Packaging Design Requirements
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addition to the cost and environmental impact associated with packaging
waste, increased concern over consumer safety and protection has helped
shape design and labeling requirements in different countries. Many
countries have adopted regulations relating to misleading advertising of
products as "environmentally friendly," deceptive environmental
labeling, and proper material coding. As of February 2005, more than 30
countries have environmental packaging design requirements including
regulations on toxics in packaging, empty space and source reduction,
recycled content, environmental labeling, and packaging prevention planning.
The European Directive
The European Directive on Packaging and Packaging Waste, first passed in
1994 and amended in 2004, has some of the most comprehensive requirements
focused on reducing packaging waste. In addition to providing the framework
and recovery and recycling goals for many of the producer responsibility
schemes discussed in the previous section, the Directive sets standards
known as the Essential Requirements (ERs). All companies who sell products
in European Union (EU) Member States must comply with below outlined EU
- Source Reduction: Companies must demonstrate that they have
reduced their packaging as much as possible and then identify the
critical area (such as product protection, safety, consumer acceptance,
etc.) which prevents further reduction in weight or volume of a
- Recovery Standards: Packaging components must be recoverable
by at least one of three recovery routes (energy, organic, or material
recovery) and must meet certain requirements specific to that recovery
- Reuse: Optional, but a package must meet the requirements of
the reuse standard if it is claimed as reusable.
- Heavy Metals Content: Sets a concentration limit for lead,
cadmium, mercury and hexavalent chromium in packaging (standards are
similar to those in effect in nineteen US states).
- Reduction of Hazardous Substances in Packaging: Substances
classified as noxious (e.g. zinc) must be minimized if they could be
released in emissions, ash, or leachate when packaging is land filled or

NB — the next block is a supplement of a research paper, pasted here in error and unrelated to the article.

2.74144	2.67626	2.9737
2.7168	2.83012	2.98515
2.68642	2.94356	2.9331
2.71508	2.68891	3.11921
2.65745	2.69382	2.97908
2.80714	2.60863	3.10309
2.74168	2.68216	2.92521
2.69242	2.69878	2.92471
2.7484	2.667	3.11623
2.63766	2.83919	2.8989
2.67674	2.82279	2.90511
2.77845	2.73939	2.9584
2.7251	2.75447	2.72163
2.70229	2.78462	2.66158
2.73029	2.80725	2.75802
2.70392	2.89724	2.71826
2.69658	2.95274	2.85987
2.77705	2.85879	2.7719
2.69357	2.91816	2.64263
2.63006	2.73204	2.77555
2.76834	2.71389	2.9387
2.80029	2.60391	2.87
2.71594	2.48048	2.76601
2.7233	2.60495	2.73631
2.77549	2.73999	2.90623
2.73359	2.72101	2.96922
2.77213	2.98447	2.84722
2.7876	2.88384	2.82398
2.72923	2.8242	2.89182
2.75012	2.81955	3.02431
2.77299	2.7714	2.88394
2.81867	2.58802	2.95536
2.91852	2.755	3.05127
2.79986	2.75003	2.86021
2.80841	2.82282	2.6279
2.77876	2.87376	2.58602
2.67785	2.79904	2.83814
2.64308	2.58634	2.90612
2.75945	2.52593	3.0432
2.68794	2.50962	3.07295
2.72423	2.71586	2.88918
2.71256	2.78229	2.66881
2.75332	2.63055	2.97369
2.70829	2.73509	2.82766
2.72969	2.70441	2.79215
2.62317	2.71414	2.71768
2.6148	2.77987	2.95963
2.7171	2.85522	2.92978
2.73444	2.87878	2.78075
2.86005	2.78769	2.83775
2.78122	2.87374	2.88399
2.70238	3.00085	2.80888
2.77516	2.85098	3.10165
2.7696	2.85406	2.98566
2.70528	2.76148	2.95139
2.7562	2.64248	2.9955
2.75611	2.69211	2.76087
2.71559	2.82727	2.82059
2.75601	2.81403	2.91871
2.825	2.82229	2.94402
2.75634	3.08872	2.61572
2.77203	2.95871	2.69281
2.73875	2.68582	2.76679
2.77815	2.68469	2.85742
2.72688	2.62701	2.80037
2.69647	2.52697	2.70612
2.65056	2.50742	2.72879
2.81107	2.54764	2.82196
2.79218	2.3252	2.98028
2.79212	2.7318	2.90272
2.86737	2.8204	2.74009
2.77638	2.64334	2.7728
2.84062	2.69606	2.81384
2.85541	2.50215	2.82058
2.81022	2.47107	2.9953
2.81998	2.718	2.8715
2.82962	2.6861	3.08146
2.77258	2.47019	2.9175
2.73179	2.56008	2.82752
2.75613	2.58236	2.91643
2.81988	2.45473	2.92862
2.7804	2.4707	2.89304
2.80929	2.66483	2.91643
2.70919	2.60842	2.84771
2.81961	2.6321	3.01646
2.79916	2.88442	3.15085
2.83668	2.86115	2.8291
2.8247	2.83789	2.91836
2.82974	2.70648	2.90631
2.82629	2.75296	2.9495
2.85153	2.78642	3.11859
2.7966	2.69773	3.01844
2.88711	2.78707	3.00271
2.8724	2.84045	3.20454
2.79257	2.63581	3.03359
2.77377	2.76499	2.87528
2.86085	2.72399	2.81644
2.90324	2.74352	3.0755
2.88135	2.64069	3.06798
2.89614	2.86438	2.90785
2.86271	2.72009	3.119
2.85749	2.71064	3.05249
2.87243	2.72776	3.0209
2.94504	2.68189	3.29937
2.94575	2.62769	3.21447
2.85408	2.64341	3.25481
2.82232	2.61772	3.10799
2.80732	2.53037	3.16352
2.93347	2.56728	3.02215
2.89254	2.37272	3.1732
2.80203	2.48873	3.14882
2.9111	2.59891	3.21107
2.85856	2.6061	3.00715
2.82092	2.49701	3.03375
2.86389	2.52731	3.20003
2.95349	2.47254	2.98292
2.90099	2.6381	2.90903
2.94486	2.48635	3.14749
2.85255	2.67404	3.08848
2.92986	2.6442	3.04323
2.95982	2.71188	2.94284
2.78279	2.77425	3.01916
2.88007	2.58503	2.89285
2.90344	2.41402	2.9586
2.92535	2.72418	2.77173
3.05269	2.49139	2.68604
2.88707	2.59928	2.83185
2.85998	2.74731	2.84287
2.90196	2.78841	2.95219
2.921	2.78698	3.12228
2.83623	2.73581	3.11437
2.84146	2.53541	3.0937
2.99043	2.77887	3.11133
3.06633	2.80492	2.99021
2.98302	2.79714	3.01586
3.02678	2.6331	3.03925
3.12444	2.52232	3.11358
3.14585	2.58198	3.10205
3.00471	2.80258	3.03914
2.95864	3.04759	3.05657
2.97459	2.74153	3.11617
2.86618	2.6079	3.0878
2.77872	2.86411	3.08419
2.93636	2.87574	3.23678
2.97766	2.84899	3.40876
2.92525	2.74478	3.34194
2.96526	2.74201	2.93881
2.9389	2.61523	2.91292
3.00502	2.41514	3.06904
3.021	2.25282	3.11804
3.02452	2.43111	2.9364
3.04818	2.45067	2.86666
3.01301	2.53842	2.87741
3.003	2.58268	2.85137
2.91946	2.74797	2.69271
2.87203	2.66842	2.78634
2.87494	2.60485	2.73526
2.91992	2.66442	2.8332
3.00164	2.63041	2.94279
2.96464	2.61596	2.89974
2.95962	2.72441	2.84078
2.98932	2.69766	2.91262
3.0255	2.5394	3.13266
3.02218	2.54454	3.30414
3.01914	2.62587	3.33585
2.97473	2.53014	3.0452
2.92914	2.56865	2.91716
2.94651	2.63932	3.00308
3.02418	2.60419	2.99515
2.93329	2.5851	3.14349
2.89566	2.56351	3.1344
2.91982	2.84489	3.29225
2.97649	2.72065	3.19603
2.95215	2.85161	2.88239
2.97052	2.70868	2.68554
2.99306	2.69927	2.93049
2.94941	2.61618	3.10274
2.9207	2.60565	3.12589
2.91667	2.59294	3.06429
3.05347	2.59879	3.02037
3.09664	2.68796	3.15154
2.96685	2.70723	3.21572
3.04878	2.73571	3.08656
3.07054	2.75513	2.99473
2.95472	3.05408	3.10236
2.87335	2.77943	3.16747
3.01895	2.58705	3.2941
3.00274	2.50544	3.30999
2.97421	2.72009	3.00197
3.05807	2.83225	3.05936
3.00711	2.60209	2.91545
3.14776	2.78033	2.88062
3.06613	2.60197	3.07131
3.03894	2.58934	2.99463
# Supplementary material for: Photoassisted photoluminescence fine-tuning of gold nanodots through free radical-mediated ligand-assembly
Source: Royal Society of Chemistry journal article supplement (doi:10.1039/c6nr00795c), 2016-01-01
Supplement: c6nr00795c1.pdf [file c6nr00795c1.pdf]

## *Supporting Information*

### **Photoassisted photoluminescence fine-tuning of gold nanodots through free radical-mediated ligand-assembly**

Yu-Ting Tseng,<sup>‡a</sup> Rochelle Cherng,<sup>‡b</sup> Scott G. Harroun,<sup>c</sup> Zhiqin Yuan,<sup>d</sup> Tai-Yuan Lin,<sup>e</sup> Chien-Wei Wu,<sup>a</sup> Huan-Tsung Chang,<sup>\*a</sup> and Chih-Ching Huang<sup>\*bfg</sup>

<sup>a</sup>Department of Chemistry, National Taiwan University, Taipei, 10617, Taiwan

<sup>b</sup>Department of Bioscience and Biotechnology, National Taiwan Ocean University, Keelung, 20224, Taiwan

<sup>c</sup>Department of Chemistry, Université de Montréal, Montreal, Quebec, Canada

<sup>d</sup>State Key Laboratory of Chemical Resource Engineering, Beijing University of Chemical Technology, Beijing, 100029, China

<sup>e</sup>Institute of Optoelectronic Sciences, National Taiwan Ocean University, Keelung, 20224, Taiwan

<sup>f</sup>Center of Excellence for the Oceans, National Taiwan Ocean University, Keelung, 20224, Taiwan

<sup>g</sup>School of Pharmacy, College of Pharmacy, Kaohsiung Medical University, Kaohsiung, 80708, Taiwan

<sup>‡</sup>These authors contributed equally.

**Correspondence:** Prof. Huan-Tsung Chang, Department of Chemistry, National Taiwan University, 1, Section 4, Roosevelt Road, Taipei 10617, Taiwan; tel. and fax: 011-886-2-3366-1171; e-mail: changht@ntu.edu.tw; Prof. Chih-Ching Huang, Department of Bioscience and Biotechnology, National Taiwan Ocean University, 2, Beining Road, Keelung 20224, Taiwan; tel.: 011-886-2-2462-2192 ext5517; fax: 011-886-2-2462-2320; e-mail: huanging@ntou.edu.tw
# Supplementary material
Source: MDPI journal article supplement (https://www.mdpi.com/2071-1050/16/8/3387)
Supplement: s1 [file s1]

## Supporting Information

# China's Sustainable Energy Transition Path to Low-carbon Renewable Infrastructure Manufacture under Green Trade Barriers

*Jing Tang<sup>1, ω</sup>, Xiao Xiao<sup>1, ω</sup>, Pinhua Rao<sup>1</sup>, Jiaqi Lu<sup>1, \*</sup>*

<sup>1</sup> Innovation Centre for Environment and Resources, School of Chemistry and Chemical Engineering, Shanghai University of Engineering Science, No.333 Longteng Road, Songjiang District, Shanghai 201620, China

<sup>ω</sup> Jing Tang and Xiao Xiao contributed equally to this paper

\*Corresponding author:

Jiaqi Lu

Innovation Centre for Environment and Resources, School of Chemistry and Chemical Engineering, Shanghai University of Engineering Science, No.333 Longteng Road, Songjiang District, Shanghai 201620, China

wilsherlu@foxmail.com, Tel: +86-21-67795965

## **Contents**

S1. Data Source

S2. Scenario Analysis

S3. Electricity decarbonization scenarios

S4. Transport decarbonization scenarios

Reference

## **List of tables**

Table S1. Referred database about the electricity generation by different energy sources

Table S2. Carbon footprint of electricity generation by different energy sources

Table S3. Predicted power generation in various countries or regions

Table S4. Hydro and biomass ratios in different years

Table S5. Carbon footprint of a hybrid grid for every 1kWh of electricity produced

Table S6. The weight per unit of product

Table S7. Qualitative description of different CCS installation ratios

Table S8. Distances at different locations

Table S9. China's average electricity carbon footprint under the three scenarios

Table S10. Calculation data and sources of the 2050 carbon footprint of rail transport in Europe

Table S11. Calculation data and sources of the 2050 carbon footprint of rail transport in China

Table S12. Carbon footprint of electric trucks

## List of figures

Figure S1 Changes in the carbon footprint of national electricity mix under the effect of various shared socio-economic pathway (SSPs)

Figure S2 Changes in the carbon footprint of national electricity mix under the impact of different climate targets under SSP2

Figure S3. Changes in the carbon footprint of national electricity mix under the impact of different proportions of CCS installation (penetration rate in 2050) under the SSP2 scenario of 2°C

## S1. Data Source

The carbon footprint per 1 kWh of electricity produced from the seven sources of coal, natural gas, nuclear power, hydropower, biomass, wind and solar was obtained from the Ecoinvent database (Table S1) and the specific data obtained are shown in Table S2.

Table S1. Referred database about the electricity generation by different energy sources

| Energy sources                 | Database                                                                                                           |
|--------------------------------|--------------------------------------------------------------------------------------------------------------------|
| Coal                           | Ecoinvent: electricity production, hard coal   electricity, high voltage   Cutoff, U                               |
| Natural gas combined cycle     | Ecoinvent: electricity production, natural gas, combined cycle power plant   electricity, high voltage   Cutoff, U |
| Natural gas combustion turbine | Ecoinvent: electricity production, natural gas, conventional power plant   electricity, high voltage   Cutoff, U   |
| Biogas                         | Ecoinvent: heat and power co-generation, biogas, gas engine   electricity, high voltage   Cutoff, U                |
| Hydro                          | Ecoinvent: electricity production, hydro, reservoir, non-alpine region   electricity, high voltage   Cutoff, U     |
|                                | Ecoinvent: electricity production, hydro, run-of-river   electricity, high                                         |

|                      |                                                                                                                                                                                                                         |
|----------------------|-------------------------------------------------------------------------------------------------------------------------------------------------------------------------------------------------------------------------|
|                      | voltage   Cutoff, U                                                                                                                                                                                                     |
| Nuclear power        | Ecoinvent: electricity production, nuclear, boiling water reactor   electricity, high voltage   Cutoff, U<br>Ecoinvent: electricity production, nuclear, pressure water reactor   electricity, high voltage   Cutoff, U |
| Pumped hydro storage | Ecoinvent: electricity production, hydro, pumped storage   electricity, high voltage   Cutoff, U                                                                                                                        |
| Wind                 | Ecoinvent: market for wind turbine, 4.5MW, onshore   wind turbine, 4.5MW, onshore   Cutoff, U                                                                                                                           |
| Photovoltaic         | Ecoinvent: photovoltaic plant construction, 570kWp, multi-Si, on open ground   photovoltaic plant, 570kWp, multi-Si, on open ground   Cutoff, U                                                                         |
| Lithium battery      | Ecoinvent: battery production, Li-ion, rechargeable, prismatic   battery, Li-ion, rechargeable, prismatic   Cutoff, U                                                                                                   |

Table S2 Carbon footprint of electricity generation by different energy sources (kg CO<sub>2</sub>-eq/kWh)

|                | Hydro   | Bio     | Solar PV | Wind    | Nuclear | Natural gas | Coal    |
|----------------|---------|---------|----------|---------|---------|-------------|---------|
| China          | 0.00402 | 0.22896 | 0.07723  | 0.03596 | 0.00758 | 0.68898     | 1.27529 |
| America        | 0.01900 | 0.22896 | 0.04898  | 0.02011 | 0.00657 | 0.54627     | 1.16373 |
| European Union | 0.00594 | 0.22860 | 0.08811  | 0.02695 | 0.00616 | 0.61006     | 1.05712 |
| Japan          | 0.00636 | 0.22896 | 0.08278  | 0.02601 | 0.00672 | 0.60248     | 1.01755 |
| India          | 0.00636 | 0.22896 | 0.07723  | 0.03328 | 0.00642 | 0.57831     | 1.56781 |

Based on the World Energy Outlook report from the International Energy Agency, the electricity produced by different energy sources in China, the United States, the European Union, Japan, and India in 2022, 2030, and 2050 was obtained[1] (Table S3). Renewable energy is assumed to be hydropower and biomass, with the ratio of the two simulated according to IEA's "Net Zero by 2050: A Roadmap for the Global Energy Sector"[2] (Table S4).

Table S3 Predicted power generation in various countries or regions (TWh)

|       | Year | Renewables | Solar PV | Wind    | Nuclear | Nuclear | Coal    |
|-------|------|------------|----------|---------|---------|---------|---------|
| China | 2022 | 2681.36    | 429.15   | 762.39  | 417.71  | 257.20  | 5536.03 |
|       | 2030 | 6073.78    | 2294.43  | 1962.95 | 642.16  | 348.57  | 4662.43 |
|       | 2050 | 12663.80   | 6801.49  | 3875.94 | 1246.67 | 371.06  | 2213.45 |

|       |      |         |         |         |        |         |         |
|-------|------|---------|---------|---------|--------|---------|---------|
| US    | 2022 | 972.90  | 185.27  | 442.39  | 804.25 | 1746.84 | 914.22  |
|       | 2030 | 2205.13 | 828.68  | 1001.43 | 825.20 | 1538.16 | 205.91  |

All packaging placed on the EU market must be in compliance with the
Essential Requirements. Products that are found not to comply may be removed
from the market. US companies must incorporate the ERs into their packaging
design systems and document how each standard was considered into its
packaging design protocol.
The assessment process to prove compliance with the ERs is similar to
ISO14000 requirements in that it establishes a framework for evaluating the
attributes of a packaging system (and identifying areas for improvement)
with respect to the requirements of the law. The European standards have
been developed to provide a common procedure for assessing and documenting
compliance. The amended directive requires that all EU member states enforce
the Ers by 2005.
Environmental Labeling Requirements
Environmental labeling requirements include recycling symbols, ecolabels,
material codes, licensed marks such as the Green Dot used to show
participation in a recovery scheme, and many others. These labels, of which
some are voluntary and others mandatory, provide information to the
consumer. Material coding is required for plastics in Austria, Taiwan, and
39 US States, and for all materials in eleven other nations. In certain EU
member states, South Korea, Japan, and Taiwan, there are also other
country-specific mandatory labels. Design mandates focus on areas such as
material restrictions, recycled content, empty space, and layers; specific
requirements vary by country.
Material Restrictions and Recycled Content
South Korea currently bans packaging press packed, coated or shrink-wrapped
in PVC and several countries are expected to charge more for PVC packaging
than other plastic material. Expanded polystyrene (EPS) is also on the
material watch list, and South Korea has forbidden its use in packaging of
toys, dolls, and composite products. Phase-out requirements apply to EPS in
the packaging of electrical, office IT, and audio-visual appliances.
the environment and human health. Denmark, Sweden, Norway, and Japan have
restrictions on the use of phthalates (DEHP, DINP) in certain types of food
packaging, as well as toys and other child care products. In addition to
regulatory bans, many retailers around the globe (especially in Asia and
Europe) refuse to accept products packaged in polyvinyl chloride (PVC).
Some US states have established minimum recycled content standards for
plastic (CA, OR, WI), glass containers (CA, OR), plastic trash bags (CA),
and newspapers (27 states). France and Denmark both provide a fee reduction
for certain materials if the recycled content is greater than 50%.
Unfortunately, in countries without such discounts, the use of recycled
content may actually increase the weight or volume of a component, thus